If you refuse a chemical test in Illinois and you already have at least one DUI conviction, the state will suspend your driver's license. The duration of the license suspension depends on whether or not you are a first-time DUI offender. If you have had a DUI conviction in the previous five years, you will face a six to 12-month license suspension for a failure to test or refusal to test. If you have multiple DUI convictions within the past five years, the state could suspend your license for up to three years. This can happen regardless of the outcome in the criminal case and since this is a civil matter, you are NOT entitled to the representation of a public defender in a licensure suspension.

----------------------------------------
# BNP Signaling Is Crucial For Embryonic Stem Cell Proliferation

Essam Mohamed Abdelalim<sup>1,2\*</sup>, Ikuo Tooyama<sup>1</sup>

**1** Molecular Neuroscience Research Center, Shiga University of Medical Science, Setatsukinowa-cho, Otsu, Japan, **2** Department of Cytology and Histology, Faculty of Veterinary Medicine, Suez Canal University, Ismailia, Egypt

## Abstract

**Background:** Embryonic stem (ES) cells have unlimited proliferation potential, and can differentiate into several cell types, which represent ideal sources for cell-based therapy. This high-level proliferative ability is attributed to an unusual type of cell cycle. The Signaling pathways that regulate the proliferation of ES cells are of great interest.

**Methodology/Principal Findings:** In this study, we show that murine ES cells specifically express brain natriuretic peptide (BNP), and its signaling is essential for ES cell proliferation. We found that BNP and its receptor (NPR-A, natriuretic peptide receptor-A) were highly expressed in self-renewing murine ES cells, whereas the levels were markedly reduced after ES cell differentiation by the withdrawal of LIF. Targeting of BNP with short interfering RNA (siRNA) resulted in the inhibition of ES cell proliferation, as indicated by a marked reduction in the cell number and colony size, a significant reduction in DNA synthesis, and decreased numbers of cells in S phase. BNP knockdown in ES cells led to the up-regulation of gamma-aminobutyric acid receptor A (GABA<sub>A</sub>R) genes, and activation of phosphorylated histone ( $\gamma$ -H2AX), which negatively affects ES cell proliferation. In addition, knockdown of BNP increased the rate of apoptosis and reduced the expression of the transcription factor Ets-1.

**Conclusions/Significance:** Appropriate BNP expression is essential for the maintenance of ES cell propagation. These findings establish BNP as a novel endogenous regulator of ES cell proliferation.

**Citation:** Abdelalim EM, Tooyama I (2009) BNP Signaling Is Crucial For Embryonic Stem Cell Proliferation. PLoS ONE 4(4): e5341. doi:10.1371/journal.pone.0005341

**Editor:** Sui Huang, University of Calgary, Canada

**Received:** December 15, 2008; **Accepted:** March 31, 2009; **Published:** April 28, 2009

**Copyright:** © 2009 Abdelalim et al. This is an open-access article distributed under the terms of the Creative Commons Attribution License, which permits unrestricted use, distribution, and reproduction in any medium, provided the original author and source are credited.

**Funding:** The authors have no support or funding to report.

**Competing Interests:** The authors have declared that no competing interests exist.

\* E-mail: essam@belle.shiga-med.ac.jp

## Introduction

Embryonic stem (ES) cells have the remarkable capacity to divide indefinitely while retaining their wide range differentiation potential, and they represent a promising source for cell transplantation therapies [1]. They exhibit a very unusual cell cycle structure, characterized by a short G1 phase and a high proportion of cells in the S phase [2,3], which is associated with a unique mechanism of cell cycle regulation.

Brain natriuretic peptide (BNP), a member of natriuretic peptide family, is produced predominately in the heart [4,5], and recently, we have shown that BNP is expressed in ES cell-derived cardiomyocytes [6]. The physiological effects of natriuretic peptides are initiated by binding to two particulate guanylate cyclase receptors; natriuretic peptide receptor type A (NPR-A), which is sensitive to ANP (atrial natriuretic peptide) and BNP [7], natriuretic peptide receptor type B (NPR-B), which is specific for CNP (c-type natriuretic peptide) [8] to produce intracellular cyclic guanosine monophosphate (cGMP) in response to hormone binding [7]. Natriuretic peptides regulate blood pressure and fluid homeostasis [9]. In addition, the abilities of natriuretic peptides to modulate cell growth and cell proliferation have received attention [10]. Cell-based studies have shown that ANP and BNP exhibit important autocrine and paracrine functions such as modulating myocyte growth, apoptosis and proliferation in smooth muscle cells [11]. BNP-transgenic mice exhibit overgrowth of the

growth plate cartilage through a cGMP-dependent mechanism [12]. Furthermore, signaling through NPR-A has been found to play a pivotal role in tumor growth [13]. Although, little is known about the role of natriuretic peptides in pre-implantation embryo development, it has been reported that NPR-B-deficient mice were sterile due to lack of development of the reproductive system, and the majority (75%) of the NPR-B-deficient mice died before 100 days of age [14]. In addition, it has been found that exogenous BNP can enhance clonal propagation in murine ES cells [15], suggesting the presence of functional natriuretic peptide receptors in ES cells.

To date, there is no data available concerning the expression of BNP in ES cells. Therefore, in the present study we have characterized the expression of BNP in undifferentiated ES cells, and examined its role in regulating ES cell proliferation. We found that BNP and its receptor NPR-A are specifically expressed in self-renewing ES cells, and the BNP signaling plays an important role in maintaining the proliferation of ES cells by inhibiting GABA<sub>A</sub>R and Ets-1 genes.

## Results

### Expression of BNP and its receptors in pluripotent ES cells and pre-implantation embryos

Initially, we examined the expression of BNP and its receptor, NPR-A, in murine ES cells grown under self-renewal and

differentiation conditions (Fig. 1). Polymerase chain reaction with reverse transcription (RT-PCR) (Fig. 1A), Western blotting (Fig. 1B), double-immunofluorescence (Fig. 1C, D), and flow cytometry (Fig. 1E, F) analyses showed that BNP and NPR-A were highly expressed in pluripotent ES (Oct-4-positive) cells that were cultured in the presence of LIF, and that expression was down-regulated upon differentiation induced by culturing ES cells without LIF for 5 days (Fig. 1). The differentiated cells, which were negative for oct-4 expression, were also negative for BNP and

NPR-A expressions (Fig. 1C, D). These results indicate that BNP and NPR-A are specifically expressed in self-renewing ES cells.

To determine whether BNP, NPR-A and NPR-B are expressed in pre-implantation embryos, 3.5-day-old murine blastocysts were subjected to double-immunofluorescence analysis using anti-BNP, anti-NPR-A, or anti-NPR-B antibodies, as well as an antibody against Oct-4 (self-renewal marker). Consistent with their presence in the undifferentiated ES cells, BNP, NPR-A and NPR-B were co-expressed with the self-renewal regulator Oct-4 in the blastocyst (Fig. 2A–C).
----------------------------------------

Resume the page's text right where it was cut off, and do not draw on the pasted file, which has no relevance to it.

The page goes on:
If You Refused a Chemical Blood Test in Illinois, We can Help You

The attorneys at Glasgow & Olsson know Illinois DUI law inside and out. Over the years, we have represented tens of thousands of cases involving DUI. The law is always changing, especially now that recreational marijuana is legal in Illinois. The attorneys of Glasgow & Olsson use our knowledge of the finer points of DUI legislation and enforcement to help you fight for the best outcome possible in your case.

The skilled Cook County refusing a blood or alcohol test attorneys at Glasgow & Olsson have a wealth of experience fighting DUI charges. To contact us, please fill out our online form for an initial consultation.

(image courtesy of Thomas Picauly)

Will Illinois Abolish Cash Bail?